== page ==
Back in the DOS days of computing there really was no such thing as task switching. You ran one program at a time and that was it. When you wanted to run a different program, you closed the first one and then loaded the second one. Once we got into the Windows 3.x operating system, we were given the ability to run multiple programs at the same time--and that was a revolutionary change. However, Microsoft didn't provide us with good method for keeping track of or switching between multiple running programs.
Fortunately, in Windows Vista, we are given several very cool, very graphical methods for switching between open windows or tasks. Let's take a look at the evolution of task switching in the Windows operating system and then focus on Windows Vista's new task switching features.
The Windows 3.x days
As you may remember, to display all open windows in Windows 3.x you could use the Cascade or Tile features, but once you minimized a window, it essentially disappeared. At that time, minimized windows actually went directly to the desktop, but they were buried under Program Manager and were completely hidden unless you minimized all open windows, including Program Manager, one-by-one--something that not many people understood at that time.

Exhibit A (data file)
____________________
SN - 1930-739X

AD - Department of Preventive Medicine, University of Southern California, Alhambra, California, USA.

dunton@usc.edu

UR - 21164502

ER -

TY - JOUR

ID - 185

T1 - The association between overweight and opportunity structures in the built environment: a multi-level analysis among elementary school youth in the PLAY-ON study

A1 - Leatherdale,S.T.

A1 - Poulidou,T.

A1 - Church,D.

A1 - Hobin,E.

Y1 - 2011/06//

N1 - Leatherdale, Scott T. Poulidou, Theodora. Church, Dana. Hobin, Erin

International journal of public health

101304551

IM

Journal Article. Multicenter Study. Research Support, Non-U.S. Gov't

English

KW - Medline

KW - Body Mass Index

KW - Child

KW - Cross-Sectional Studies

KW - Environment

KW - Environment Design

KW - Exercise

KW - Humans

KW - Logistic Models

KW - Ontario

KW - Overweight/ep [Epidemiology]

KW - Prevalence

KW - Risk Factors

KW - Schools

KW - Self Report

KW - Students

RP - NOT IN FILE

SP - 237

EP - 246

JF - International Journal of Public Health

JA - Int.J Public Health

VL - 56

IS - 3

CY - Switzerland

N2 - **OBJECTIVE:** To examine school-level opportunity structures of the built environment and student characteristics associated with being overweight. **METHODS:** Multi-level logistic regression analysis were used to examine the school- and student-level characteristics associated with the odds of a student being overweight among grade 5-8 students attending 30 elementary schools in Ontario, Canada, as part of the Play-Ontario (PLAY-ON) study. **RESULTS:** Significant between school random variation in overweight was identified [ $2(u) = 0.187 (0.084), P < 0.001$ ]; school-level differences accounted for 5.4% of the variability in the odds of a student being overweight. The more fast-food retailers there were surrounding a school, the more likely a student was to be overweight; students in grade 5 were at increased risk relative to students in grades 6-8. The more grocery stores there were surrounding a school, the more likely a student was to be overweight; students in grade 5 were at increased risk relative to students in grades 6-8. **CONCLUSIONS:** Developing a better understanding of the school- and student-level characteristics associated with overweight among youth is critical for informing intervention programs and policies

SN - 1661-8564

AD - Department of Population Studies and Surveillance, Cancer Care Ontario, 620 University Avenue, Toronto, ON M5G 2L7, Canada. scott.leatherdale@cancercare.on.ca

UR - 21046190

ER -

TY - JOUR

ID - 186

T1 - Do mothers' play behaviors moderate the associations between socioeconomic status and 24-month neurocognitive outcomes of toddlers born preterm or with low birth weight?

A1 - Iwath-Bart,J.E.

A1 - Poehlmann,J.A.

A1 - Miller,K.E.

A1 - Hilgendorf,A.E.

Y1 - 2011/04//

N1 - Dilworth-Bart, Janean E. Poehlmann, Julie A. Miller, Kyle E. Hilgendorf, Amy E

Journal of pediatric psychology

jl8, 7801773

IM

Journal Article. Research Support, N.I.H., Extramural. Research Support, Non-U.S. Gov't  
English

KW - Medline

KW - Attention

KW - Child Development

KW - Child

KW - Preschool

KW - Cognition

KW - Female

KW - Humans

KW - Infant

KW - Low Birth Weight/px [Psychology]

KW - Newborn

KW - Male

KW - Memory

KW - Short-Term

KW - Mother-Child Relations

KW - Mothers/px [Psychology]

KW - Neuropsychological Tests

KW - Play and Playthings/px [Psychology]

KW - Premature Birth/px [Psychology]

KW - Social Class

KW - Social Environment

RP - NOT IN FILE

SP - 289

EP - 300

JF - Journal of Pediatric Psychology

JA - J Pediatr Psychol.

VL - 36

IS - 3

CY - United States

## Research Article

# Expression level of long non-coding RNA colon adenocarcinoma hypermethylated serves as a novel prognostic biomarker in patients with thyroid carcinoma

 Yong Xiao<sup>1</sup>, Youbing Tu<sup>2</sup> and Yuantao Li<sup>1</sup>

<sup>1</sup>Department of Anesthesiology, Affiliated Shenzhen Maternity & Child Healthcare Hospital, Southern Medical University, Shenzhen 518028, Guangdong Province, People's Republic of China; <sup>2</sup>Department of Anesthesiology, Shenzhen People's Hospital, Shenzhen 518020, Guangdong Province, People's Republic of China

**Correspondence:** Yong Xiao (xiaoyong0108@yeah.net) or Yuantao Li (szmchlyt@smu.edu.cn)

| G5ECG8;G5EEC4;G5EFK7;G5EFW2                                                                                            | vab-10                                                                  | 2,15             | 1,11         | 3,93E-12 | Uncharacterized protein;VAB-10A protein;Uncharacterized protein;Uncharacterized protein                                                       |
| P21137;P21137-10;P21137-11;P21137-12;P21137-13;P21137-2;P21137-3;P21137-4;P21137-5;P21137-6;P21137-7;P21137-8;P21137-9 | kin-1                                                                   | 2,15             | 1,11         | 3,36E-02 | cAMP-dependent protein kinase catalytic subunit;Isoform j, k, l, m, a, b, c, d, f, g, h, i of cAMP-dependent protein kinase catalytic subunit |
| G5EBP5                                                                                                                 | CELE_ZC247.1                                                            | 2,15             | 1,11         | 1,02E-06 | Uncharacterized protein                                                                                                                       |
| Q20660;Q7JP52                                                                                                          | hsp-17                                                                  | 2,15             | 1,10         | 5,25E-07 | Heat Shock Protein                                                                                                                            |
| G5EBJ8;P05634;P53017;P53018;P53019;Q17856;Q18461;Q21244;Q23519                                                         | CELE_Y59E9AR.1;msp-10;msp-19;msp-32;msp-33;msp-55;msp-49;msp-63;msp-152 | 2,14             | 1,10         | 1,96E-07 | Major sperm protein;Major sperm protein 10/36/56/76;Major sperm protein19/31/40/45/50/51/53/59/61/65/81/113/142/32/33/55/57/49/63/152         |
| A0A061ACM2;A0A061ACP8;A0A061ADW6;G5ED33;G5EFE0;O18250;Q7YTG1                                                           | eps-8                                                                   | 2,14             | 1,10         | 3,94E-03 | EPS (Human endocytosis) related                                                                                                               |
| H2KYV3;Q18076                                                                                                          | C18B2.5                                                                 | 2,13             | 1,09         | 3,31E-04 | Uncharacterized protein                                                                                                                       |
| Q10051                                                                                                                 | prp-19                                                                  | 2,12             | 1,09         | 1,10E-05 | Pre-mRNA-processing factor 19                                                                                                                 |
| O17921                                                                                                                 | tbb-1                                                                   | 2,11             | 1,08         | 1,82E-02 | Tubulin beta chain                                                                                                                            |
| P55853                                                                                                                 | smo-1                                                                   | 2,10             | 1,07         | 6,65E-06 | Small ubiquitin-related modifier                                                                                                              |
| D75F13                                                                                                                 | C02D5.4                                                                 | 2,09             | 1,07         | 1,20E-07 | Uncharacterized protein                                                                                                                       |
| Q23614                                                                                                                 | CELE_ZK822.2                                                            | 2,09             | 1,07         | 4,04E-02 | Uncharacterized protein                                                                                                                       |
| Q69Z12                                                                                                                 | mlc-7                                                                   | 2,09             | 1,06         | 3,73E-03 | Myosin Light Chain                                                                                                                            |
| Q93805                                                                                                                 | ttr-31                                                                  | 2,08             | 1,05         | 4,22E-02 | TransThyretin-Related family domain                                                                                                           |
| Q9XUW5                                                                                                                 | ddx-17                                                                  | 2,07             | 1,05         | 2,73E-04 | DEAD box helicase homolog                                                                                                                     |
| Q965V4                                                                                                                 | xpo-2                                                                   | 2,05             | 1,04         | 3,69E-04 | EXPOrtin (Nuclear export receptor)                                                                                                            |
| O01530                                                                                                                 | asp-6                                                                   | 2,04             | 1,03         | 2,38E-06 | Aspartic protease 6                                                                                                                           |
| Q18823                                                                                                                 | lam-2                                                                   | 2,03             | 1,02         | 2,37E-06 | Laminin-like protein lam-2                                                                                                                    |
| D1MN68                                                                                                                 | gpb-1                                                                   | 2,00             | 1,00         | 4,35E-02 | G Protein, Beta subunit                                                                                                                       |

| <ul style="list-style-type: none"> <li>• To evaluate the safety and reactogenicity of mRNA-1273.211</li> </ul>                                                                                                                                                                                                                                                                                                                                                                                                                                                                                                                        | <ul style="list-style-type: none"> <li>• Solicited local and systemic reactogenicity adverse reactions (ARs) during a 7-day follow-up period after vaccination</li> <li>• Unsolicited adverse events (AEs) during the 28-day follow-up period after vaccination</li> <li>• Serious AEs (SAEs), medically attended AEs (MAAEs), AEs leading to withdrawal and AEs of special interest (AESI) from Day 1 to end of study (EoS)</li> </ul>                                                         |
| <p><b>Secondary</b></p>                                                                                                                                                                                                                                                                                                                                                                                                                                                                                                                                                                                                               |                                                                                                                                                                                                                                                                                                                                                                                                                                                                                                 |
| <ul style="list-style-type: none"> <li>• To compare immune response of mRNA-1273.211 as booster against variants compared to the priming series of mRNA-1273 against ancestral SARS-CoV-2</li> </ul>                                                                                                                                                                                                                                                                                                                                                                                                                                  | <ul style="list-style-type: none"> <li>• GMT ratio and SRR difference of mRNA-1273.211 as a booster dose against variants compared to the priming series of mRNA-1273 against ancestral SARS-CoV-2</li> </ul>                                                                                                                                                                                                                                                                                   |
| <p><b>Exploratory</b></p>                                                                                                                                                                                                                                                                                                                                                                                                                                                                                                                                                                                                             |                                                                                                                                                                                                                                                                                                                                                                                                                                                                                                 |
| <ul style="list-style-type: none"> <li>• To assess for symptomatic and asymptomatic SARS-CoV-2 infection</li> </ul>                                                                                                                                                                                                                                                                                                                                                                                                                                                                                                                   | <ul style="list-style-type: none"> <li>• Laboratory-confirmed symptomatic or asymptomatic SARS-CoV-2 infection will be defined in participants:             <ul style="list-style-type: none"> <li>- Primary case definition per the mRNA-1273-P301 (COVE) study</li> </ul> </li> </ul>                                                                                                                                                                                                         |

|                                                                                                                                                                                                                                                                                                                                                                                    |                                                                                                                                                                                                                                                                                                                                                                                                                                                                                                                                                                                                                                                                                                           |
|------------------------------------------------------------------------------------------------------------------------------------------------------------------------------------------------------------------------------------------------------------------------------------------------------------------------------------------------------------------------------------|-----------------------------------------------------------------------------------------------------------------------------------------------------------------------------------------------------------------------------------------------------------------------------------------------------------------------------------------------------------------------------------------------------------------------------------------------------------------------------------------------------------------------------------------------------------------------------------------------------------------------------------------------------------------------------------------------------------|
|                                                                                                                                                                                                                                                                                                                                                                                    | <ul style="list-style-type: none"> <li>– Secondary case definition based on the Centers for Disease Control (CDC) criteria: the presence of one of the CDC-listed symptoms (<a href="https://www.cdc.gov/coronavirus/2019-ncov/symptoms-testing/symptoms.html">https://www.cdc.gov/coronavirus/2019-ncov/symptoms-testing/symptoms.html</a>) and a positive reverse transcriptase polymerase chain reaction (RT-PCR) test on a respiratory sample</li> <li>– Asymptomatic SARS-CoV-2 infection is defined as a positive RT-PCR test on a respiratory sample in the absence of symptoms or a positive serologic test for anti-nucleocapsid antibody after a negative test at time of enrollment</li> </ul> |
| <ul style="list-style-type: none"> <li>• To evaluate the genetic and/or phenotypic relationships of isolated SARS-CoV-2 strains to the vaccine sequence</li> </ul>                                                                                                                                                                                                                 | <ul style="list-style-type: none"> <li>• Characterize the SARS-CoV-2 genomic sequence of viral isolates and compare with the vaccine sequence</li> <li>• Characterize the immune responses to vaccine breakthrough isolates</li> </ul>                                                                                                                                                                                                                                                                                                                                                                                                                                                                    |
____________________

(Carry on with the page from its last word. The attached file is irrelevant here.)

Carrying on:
As Windows 3.x evolved, Microsoft added the Cool-Switch, which was designed to allow you to cycle between all the open programs. To use the Cool-Switch, you simply pressed [Alt][Tab]. When you did, a small window appeared in the middle of the screen that showed one icon at a time. To see more programs, you just continued to press [Alt][Tab]. To select a program, you simply released the keys and that program would come to the foreground. Unfortunately, the Cool-Switch didn't display minimized programs, meaning that you still had to you minimize all open windows in order to access other minimized programs. So switching between multiple running programs still wasn't easy.